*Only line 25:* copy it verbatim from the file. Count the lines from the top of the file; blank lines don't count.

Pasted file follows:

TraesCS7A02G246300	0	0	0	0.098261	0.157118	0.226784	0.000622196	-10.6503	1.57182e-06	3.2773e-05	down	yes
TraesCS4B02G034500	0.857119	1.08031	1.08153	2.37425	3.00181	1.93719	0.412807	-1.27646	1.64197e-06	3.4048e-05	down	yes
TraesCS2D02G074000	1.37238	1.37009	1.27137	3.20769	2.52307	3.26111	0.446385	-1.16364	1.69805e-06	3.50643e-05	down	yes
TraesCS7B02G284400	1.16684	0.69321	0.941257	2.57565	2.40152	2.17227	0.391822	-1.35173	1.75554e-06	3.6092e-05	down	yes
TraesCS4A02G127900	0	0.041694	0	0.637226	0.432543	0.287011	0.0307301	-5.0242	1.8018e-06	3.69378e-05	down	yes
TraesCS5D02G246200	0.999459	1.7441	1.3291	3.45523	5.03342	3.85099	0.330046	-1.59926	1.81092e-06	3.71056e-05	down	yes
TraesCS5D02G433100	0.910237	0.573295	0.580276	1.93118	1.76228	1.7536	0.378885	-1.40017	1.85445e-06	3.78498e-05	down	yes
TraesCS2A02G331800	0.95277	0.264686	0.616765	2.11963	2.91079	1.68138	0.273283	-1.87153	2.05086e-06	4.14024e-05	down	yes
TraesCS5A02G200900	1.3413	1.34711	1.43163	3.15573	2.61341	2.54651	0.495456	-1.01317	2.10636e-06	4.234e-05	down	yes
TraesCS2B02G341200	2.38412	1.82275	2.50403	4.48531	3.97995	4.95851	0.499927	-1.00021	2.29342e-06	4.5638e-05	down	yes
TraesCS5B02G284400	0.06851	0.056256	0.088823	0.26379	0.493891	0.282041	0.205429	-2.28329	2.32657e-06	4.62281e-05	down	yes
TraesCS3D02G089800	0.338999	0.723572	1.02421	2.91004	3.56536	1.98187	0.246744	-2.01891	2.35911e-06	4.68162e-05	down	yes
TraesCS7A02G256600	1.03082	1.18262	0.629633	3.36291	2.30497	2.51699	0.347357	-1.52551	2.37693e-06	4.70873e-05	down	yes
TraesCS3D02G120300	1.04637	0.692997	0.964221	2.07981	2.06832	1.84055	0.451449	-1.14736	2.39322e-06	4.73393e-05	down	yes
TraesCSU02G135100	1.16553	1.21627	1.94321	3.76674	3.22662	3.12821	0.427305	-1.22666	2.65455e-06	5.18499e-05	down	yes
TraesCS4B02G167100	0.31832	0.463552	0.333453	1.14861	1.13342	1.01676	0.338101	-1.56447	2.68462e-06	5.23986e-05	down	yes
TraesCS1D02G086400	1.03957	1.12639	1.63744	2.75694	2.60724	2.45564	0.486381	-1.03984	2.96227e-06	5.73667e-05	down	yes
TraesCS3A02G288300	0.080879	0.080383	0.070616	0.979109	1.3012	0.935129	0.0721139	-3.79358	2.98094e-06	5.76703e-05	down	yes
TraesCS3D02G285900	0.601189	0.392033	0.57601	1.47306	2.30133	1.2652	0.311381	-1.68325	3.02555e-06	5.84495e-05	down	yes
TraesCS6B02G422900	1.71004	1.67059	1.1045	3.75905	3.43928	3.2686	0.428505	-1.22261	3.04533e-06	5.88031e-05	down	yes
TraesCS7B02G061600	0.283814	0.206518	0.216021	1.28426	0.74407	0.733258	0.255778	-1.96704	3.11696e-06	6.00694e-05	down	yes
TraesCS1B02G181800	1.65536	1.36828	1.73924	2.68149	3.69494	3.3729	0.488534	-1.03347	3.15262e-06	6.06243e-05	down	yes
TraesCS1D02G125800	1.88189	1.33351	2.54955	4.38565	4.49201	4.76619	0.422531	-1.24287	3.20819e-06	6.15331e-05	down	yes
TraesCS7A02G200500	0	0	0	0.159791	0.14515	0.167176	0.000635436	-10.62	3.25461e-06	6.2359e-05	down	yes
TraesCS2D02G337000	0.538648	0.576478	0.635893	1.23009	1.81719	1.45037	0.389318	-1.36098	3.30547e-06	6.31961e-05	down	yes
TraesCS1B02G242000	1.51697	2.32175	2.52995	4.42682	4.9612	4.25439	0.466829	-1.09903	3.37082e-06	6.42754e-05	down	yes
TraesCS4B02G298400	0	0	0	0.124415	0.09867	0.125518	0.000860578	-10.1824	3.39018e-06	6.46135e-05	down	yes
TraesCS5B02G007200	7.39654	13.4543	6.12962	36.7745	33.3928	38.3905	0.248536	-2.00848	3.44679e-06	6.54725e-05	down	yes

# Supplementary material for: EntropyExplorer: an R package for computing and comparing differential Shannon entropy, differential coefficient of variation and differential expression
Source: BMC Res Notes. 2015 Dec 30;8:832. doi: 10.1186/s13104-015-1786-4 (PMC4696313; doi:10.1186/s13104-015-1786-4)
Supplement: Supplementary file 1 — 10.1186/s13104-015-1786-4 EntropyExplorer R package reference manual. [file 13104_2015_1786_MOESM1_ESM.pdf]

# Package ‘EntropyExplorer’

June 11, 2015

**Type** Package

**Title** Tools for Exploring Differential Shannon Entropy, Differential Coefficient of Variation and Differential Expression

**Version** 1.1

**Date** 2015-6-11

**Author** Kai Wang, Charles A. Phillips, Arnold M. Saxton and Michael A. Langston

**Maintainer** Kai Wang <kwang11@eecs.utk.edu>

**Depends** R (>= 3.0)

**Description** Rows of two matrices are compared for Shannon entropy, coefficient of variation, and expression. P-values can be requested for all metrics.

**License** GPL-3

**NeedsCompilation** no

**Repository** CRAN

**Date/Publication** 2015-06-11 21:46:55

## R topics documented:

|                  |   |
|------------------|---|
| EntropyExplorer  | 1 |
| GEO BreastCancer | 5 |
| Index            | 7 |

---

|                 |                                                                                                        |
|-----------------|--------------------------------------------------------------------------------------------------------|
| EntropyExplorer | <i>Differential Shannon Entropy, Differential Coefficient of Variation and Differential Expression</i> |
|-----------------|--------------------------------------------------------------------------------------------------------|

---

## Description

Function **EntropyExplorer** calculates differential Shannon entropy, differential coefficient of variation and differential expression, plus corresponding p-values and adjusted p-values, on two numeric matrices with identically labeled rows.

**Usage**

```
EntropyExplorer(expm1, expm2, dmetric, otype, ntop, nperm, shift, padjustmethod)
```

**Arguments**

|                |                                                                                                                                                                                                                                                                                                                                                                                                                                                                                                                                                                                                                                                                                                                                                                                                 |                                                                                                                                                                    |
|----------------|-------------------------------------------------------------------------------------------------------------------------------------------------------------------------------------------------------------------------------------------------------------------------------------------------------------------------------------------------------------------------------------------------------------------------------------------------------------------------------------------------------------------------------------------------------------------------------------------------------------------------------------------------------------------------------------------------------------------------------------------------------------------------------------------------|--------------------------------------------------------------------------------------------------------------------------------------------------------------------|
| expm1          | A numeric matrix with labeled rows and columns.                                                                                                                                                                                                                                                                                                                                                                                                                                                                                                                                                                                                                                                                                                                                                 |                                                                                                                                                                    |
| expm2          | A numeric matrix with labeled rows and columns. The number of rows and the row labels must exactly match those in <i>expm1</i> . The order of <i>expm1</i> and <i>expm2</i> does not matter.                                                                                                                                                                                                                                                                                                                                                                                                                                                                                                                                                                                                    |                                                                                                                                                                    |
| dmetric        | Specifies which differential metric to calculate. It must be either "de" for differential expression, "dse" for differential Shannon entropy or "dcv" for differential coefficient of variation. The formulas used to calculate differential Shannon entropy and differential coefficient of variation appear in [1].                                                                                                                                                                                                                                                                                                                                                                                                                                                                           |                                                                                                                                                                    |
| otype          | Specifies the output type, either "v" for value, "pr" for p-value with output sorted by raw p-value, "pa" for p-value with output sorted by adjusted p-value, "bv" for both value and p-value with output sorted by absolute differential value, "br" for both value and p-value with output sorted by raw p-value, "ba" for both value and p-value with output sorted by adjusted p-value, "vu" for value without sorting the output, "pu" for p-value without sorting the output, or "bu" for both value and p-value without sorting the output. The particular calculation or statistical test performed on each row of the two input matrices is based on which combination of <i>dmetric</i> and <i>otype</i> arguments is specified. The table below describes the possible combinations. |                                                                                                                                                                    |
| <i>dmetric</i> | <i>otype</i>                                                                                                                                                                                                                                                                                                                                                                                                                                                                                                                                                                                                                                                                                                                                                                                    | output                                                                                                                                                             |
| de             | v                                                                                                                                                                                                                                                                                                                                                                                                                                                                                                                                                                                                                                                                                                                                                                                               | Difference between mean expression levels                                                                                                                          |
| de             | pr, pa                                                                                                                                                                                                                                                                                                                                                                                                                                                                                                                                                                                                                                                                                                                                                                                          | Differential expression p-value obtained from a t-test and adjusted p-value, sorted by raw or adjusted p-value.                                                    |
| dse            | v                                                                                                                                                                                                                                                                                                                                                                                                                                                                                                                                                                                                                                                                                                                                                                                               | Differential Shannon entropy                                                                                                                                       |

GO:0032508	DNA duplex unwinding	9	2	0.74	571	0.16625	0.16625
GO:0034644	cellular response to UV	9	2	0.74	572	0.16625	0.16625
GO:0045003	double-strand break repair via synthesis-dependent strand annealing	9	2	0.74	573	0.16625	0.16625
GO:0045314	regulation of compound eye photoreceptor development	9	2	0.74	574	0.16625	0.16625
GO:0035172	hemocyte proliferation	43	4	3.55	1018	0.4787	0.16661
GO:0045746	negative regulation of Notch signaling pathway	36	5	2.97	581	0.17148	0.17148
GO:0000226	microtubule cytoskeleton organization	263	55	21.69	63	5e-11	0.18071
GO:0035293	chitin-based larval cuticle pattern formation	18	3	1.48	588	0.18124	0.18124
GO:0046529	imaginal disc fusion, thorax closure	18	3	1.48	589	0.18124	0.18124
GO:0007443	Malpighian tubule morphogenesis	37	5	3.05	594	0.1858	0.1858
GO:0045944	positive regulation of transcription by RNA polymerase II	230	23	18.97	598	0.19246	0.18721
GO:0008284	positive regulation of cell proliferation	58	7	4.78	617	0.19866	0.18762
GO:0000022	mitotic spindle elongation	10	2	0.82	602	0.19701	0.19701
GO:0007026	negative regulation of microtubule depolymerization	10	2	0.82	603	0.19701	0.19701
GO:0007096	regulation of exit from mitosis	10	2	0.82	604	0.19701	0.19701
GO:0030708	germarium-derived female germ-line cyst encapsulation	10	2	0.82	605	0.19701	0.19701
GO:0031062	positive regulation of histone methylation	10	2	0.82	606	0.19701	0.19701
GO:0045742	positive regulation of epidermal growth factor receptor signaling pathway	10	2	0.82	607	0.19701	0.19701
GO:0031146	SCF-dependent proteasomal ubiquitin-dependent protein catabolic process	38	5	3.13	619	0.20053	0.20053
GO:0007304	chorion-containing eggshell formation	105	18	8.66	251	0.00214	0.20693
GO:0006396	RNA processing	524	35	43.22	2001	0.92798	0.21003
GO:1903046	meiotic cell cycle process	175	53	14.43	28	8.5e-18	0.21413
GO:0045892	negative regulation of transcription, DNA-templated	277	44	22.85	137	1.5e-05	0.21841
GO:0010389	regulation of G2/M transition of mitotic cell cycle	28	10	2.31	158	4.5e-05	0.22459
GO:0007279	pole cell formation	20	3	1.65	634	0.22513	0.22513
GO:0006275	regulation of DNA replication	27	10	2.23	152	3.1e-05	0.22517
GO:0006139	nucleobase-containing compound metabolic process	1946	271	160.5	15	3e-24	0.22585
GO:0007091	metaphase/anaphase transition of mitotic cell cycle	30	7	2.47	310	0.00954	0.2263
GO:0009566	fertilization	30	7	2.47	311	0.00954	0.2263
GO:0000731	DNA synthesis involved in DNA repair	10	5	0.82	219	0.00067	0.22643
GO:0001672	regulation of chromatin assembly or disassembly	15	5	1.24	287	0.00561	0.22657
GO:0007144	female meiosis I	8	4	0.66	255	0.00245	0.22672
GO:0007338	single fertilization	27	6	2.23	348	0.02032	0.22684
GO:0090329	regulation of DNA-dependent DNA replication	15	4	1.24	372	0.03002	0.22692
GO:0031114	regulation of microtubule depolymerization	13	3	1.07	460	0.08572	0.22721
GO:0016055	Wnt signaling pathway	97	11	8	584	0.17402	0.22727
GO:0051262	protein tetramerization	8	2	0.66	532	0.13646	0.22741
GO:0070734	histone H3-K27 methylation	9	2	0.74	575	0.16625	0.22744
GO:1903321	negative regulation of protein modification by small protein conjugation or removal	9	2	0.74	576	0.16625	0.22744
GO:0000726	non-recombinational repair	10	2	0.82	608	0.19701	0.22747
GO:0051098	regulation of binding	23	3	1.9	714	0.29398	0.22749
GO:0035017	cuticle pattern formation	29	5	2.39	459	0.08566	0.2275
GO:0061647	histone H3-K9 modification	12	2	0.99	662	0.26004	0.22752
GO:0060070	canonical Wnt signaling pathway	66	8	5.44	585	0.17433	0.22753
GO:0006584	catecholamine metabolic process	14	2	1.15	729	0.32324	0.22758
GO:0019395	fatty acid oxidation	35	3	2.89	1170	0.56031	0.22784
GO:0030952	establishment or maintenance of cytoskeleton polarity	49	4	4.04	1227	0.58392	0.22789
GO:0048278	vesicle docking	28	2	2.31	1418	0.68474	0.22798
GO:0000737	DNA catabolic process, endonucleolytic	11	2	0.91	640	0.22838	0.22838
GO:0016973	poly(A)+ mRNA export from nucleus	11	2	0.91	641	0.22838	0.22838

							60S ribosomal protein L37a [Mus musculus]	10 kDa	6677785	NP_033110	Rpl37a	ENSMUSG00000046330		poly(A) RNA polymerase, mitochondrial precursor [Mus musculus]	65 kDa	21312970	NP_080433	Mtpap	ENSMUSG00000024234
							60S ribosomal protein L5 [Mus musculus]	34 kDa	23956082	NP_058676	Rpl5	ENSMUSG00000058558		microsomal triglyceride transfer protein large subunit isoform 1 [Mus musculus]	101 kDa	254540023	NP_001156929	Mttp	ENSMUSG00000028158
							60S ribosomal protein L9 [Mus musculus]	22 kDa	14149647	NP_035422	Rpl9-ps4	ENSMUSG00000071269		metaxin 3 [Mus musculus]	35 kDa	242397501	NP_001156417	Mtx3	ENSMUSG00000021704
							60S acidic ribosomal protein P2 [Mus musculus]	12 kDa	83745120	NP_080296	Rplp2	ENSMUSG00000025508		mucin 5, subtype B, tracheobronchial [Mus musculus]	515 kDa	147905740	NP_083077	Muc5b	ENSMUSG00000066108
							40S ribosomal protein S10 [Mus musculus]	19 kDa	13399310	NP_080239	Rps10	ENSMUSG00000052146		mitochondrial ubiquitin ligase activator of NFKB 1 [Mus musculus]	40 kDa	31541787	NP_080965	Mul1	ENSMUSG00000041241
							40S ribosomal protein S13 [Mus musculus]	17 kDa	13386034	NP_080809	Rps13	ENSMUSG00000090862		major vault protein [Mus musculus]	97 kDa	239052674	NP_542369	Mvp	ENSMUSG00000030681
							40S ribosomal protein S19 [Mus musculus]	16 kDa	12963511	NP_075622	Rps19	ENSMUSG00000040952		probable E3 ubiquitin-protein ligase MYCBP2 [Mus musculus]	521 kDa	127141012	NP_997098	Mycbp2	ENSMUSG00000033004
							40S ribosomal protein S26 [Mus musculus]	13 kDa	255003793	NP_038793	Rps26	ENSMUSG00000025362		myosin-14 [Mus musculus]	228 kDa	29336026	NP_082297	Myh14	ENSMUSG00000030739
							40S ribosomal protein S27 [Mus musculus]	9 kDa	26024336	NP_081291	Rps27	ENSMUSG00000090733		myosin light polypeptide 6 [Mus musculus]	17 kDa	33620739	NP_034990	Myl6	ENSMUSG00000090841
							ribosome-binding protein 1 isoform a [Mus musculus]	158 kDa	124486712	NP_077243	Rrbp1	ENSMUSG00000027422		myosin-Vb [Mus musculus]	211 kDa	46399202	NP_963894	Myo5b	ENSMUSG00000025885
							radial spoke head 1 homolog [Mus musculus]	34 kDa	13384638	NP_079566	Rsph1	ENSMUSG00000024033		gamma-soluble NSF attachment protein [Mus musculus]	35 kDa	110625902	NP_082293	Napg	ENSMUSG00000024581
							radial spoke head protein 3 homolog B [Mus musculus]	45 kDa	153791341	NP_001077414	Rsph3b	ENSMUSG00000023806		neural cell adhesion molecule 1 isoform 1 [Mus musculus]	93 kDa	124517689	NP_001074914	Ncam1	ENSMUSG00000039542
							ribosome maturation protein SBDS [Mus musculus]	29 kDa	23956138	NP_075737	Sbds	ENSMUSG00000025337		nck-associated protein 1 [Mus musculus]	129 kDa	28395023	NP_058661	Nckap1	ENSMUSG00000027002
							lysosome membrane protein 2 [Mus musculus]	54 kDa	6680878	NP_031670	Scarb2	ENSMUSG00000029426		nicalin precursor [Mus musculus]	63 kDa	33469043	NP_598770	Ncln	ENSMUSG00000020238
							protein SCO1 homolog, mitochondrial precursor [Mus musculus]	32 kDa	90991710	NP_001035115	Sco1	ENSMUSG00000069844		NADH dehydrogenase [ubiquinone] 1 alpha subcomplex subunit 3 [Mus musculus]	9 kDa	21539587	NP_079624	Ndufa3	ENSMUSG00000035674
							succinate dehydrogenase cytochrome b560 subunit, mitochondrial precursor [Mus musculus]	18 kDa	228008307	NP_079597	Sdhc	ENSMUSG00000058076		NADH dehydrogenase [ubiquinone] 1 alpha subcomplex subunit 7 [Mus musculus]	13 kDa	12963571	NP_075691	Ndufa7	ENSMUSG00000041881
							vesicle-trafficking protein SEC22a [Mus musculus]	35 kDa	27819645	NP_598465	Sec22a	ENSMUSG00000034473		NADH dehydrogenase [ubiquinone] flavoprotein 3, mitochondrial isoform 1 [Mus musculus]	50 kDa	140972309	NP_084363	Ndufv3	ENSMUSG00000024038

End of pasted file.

TraesCS2D02G337000	0.538648	0.576478	0.635893	1.23009	1.81719	1.45037	0.389318	-1.36098	3.30547e-06	6.31961e-05	down	yes